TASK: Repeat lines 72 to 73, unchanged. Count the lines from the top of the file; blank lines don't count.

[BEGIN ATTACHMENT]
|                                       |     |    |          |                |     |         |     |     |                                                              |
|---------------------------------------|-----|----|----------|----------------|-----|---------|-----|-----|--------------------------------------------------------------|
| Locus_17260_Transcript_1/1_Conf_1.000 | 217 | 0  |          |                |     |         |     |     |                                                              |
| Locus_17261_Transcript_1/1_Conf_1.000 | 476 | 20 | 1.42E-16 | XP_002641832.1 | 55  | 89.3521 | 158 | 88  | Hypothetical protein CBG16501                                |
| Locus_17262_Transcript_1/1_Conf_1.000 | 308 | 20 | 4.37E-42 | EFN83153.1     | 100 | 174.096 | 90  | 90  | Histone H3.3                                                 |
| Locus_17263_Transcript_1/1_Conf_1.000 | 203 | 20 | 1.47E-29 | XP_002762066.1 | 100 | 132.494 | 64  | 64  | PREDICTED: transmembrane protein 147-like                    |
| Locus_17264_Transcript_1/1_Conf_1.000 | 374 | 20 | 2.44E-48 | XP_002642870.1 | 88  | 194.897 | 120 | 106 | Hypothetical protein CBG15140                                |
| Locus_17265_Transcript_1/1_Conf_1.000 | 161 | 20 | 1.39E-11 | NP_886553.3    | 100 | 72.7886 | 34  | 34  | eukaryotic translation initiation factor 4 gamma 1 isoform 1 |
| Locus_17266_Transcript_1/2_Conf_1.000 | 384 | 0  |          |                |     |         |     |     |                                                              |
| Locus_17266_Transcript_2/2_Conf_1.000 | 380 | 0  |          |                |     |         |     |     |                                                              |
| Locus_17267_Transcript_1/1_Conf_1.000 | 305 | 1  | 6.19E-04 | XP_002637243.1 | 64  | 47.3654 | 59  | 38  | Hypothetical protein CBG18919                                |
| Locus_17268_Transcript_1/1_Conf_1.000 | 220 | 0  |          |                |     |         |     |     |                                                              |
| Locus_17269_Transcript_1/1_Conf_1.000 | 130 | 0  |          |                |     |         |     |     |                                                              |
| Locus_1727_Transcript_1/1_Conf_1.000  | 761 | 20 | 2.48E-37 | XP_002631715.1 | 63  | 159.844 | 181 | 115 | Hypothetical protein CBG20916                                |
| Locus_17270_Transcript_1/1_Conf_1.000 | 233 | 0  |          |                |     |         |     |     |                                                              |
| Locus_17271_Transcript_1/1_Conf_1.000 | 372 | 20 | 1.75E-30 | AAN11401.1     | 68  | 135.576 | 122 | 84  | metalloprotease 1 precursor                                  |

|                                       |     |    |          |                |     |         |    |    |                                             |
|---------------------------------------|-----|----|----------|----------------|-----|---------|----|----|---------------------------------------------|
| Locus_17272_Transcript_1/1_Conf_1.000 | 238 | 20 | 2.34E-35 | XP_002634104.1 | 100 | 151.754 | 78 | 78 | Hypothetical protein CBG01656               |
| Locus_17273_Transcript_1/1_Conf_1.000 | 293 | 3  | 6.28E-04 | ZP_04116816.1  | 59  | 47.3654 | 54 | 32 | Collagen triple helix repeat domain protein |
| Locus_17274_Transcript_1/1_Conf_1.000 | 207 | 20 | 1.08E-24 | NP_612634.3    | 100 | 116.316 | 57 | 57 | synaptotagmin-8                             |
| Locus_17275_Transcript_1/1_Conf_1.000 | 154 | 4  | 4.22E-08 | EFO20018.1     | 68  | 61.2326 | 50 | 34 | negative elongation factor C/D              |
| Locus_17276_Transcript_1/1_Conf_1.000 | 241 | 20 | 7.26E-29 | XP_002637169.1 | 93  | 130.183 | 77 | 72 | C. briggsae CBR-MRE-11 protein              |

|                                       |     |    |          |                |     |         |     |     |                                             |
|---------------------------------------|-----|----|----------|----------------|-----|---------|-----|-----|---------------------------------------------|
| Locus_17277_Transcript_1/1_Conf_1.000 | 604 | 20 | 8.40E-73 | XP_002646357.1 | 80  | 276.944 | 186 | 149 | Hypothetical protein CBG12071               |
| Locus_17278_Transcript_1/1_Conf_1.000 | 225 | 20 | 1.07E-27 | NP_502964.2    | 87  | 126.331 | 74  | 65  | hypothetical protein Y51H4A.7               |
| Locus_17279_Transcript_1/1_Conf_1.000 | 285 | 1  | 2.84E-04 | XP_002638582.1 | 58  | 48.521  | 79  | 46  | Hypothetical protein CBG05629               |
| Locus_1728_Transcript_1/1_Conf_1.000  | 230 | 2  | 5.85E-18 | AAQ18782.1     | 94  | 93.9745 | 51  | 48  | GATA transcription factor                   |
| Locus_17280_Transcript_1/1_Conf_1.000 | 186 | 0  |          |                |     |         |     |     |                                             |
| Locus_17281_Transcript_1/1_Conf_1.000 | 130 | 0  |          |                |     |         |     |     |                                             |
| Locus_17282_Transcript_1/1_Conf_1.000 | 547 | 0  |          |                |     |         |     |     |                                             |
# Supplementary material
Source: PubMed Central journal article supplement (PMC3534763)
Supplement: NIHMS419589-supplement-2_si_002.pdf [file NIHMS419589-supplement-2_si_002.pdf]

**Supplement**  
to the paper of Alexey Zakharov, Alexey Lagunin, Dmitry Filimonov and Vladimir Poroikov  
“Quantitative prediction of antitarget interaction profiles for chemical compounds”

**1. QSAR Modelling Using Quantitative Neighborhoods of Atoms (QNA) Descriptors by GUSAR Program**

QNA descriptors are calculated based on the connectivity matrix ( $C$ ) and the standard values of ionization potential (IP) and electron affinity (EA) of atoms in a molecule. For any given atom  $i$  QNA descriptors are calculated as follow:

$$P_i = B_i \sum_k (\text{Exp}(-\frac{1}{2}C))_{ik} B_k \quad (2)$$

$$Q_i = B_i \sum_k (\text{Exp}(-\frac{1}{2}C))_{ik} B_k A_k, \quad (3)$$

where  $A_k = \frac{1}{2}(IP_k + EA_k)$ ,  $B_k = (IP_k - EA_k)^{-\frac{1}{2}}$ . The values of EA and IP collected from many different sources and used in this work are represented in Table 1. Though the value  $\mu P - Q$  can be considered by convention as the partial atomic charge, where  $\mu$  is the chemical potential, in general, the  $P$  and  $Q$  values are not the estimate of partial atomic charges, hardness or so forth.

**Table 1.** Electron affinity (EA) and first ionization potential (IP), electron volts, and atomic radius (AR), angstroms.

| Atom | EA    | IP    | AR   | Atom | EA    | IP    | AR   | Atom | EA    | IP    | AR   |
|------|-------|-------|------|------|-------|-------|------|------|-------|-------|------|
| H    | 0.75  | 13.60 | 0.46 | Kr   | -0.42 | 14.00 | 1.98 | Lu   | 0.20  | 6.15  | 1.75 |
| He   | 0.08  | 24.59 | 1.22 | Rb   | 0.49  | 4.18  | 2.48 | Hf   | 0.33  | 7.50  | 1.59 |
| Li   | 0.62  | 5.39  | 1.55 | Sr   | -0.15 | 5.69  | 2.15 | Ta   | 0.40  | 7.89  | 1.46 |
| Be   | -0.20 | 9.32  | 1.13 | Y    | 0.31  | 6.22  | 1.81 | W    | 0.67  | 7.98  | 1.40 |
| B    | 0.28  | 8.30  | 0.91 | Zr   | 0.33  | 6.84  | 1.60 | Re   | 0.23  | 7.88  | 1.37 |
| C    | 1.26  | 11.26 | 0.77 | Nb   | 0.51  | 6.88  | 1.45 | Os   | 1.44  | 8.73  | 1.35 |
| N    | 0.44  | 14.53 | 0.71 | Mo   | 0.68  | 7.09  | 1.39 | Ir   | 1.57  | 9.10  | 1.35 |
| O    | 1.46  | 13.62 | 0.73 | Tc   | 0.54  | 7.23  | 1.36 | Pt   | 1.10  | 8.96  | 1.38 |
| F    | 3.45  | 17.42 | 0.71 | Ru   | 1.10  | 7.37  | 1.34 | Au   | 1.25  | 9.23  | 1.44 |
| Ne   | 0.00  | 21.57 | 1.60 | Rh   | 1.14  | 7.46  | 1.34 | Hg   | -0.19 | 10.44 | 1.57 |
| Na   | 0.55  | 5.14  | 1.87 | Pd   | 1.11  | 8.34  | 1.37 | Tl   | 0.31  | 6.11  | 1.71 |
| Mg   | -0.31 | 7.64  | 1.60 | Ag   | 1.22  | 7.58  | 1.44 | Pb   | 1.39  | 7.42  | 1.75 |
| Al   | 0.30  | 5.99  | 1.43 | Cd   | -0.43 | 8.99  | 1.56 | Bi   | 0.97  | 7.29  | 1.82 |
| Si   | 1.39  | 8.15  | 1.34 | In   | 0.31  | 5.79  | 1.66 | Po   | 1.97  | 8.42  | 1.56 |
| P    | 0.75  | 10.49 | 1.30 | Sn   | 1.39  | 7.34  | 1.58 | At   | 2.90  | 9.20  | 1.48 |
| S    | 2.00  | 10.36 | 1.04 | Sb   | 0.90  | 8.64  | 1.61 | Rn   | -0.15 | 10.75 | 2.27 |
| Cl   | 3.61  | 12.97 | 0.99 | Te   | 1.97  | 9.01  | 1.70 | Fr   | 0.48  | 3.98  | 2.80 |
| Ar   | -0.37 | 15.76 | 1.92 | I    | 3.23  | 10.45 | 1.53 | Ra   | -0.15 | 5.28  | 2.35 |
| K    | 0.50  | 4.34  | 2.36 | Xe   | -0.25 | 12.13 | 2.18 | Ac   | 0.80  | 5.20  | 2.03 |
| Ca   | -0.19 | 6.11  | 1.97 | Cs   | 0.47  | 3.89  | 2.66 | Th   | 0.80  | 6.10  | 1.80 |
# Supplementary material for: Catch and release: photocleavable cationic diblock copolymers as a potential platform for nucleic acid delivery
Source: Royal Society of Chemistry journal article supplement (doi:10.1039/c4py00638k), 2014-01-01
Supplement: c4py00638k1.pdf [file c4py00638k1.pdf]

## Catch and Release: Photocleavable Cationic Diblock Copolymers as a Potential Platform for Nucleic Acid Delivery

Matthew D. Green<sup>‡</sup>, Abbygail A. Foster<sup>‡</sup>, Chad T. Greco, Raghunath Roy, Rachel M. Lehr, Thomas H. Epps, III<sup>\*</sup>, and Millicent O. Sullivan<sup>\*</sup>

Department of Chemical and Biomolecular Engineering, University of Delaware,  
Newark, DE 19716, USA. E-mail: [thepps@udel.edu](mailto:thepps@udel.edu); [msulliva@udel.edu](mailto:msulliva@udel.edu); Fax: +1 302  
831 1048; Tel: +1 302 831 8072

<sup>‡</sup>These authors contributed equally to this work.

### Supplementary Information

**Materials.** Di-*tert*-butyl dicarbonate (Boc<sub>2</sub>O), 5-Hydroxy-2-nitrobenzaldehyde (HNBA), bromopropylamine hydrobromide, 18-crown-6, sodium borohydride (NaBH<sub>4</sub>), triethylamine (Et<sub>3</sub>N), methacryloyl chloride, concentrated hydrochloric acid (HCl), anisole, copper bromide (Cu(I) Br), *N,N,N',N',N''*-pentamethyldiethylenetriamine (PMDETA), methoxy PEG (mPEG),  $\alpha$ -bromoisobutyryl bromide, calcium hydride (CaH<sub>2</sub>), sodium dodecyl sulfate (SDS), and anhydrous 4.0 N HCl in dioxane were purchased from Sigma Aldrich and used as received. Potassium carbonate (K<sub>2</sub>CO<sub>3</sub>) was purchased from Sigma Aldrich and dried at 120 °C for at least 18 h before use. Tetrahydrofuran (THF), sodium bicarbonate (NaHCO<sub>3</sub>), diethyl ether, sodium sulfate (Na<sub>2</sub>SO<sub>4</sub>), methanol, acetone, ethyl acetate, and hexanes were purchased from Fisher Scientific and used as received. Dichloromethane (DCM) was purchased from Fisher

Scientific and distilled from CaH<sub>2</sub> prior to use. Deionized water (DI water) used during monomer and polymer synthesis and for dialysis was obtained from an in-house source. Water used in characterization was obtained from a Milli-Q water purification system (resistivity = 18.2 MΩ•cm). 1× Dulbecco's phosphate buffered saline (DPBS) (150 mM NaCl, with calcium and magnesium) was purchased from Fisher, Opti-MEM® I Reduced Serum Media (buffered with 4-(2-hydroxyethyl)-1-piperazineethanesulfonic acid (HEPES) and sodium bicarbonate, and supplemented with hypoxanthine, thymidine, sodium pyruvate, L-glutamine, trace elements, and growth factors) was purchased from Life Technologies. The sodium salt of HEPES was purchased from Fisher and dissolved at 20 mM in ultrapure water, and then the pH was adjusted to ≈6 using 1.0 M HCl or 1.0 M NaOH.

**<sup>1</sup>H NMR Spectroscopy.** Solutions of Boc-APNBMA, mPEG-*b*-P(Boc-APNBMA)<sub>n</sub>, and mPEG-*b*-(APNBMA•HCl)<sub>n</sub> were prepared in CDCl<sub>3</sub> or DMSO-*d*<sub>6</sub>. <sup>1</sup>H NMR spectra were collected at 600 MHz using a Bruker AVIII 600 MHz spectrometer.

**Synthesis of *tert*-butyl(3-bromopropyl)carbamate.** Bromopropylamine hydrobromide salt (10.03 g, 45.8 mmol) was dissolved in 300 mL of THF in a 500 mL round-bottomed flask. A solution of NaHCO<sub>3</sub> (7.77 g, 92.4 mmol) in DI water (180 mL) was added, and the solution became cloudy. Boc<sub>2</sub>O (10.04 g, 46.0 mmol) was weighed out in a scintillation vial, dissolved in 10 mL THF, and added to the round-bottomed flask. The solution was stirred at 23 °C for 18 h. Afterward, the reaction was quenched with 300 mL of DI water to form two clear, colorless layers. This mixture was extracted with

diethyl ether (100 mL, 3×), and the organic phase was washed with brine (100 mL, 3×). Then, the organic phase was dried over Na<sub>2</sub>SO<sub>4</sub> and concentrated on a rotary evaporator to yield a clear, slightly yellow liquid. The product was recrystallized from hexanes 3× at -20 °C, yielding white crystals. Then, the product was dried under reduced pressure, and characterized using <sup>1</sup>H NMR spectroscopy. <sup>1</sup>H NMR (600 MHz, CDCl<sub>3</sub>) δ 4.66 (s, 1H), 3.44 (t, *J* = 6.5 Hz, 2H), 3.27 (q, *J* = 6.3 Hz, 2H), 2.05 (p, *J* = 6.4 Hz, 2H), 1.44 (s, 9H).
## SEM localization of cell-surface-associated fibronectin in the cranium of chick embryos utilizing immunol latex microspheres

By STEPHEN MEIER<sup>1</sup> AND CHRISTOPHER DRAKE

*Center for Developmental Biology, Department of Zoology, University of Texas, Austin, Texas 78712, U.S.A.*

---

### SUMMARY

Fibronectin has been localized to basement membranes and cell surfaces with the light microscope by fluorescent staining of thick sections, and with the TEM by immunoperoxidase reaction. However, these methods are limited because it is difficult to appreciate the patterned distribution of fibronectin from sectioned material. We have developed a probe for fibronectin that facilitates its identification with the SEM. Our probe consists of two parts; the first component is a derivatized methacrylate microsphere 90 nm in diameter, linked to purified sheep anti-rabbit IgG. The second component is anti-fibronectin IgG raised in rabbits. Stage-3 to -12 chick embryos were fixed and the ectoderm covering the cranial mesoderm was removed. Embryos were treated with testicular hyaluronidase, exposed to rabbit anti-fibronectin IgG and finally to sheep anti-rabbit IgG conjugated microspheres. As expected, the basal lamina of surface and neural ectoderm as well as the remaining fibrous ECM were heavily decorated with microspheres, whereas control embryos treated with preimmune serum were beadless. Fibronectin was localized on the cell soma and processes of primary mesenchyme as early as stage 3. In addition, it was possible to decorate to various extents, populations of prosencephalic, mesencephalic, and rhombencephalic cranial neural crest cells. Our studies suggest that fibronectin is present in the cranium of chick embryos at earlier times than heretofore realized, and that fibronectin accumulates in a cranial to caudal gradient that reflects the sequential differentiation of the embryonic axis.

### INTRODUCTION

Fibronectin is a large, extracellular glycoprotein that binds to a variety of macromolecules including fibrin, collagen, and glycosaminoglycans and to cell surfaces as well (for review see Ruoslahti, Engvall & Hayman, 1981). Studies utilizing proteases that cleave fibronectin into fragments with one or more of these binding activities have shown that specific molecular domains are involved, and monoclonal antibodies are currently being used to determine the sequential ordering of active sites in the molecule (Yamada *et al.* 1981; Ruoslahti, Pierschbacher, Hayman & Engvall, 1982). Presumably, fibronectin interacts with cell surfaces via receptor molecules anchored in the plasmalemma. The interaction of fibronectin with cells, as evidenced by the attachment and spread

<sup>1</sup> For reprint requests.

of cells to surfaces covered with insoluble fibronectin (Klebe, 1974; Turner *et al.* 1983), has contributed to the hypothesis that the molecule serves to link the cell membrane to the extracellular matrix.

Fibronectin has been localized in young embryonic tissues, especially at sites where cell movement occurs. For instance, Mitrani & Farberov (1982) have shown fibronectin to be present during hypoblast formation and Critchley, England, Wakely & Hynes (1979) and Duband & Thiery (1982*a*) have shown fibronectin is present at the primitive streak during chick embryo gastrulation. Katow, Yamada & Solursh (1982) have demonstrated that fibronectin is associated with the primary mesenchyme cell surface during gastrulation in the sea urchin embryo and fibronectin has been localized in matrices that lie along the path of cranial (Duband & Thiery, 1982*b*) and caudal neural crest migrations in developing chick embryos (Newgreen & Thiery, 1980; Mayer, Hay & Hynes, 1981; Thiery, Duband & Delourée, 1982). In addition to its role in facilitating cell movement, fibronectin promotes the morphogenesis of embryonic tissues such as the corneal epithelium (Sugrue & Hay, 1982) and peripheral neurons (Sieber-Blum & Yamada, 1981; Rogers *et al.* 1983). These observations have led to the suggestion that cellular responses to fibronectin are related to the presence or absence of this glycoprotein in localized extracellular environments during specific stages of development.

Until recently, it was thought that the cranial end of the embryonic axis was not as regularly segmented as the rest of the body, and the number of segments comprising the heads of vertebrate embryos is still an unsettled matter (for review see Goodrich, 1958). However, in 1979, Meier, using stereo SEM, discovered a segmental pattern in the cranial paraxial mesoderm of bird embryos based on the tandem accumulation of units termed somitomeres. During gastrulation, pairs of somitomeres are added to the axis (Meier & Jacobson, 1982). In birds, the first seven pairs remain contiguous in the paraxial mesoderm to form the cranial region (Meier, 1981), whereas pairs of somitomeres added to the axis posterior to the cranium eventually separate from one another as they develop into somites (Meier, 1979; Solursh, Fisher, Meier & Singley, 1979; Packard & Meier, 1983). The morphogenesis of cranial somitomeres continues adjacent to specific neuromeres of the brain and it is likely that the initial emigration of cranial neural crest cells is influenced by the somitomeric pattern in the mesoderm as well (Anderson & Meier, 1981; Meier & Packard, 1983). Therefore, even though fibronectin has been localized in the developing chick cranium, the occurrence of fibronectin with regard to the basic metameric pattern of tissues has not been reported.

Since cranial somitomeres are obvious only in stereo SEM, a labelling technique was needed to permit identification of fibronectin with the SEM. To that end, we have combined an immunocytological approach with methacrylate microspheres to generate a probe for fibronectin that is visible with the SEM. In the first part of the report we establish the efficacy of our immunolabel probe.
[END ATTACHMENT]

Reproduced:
Department of Chemical and Biomolecular Engineering, University of Delaware,  
Newark, DE 19716, USA. E-mail: [thepps@udel.edu](mailto:thepps@udel.edu); [msulliva@udel.edu](mailto:msulliva@udel.edu); Fax: +1 302  